interest and violates a Title IX mandate
saying that the Title IX coordinator’s role in
that capacity must be their primary position.
PSA’s demands include requiring Title
IX training for all University faculty, hiring
more non-student staff members for the offices of Resources for Sexual Violence Prevention and Student Emergency Response
Systems, and allocating additional funds to
those offices.
They also demand that the University
hire more staff to work alongside Title IX
coordinator, release a transparent budget of
funds allocated to sexual assault programming, create a committee to allow student
input on hiring decisions, and provide a
timeline for new hirings.
In a statement, Manier disputed several
of the PSA’s allegations of Title IX noncompliance.
“As University policy states, ‘Mediation
will not be used to resolve complaints of alleged sexual assault, which require more
formal investigation.’ Staff members and
others who respond to cases of sexual assault work diligently to maintain the confidentiality of those who have come forward to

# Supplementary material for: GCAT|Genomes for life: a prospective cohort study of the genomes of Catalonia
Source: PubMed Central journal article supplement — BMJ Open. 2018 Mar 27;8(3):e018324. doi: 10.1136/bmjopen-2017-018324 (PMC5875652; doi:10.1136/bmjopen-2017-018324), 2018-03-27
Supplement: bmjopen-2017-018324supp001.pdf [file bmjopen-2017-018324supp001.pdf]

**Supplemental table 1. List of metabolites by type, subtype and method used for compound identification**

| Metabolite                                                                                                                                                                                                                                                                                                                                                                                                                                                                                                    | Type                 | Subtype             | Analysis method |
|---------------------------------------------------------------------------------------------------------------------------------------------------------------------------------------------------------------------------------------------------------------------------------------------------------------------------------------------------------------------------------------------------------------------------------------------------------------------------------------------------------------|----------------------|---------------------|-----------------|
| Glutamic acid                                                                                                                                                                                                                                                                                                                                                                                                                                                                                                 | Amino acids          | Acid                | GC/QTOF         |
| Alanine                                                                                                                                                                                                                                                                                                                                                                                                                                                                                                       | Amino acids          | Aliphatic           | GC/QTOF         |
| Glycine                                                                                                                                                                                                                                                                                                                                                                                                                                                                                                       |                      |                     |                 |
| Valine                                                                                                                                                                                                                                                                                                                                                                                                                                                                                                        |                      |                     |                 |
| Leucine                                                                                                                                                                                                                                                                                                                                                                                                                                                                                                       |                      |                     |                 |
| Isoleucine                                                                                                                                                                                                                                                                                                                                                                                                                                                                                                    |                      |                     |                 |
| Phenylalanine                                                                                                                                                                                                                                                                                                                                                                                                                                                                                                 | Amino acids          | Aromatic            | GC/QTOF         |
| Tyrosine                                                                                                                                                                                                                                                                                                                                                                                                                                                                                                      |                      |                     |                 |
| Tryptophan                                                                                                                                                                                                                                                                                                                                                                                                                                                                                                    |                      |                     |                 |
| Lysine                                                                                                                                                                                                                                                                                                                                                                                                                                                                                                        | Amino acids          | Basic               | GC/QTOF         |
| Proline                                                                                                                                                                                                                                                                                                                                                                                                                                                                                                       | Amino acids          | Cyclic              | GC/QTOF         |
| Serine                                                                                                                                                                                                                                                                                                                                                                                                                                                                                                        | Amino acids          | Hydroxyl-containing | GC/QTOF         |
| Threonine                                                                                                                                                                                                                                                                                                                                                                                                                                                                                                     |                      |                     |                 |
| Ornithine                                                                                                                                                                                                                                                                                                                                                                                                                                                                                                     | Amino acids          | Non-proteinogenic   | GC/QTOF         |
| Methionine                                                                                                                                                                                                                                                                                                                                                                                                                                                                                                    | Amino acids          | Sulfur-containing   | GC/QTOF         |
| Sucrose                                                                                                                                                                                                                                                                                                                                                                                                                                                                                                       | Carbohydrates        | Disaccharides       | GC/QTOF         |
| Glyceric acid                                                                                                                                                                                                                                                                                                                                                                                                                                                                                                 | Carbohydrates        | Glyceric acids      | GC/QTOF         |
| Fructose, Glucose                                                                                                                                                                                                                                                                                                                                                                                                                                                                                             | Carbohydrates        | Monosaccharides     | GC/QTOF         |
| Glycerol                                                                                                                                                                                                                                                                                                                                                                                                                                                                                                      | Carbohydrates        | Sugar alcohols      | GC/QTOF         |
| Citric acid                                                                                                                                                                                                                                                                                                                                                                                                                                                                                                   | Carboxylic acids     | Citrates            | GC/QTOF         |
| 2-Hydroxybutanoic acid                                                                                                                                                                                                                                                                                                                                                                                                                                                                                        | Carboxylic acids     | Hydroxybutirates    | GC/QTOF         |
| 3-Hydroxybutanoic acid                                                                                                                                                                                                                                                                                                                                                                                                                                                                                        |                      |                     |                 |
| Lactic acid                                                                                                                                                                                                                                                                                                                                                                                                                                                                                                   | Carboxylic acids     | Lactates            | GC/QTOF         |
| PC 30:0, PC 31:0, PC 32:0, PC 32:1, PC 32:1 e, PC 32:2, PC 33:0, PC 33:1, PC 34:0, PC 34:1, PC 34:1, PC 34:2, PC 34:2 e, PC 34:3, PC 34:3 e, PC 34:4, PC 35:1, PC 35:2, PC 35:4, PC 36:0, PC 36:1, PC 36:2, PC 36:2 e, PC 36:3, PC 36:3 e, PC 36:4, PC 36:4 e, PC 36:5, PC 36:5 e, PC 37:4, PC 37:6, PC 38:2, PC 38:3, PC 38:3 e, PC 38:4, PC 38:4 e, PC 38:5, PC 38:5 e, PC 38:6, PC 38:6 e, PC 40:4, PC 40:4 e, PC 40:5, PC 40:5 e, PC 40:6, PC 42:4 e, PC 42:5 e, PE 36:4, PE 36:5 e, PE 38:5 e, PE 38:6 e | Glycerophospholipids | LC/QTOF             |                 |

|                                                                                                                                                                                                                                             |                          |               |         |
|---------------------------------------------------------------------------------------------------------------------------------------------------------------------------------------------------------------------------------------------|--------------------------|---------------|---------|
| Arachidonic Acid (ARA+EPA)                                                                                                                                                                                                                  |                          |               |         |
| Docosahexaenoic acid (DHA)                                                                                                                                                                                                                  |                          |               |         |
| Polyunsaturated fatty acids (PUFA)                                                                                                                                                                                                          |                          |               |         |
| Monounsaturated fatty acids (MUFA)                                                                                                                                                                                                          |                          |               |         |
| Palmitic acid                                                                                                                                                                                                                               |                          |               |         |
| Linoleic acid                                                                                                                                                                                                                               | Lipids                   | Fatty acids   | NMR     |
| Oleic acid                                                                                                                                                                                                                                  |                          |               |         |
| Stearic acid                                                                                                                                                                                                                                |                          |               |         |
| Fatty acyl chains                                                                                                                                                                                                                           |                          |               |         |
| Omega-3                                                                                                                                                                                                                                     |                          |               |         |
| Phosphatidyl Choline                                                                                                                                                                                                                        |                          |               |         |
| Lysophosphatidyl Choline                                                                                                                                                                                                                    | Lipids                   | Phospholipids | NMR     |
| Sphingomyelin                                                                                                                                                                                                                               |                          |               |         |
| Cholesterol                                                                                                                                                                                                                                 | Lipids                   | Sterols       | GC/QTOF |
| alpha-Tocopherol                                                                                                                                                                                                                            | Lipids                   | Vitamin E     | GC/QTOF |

report instances of sexual assault. The University also routinely issues security alerts
regarding crimes that occur on campus and
related properties, which represent continuing threats to the campus community. Alerts
may not be sent if there are factors that reduce the level of threat to the community,
such as the apprehension of an alleged perpetrator,” Manier wrote.
He also said that the University is currently implementing additional training related to sexual assault prevention.
“Sexual harassment and sexual misconduct are forms of sex discrimination that
violate the standards of our community and
will not be tolerated by the University of
Chicago. The University provides confidential counseling services and other support
for members of our community who experience sexual misconduct. As part of its commitment to prevent sexual misconduct, the
University is already in the process of providing increased training on related issues,”
Manier said.
In an e-mail sent to students, faculty,
and staff on Monday, Isaacs announced several changes to the University’s policies and
programs regarding sexual misconduct.
Isaacs mentioned several changes the
University has already put into place, including offering new preventative training for
graduate students, redesigning the training
required for first-year students during Orientation Week, creating umatter.uchicago.
edu to provide a space for University policies
and resources related to sexual assault, and
improving education regarding confidentiality, consent, and reporting obligations.
The University is also planning to increase training through mandatory sexual misconduct awareness and prevention
training for all University students, faculty,
and staff beginning in July and additional
training for faculty and administrators involved with addressing sexual misconduct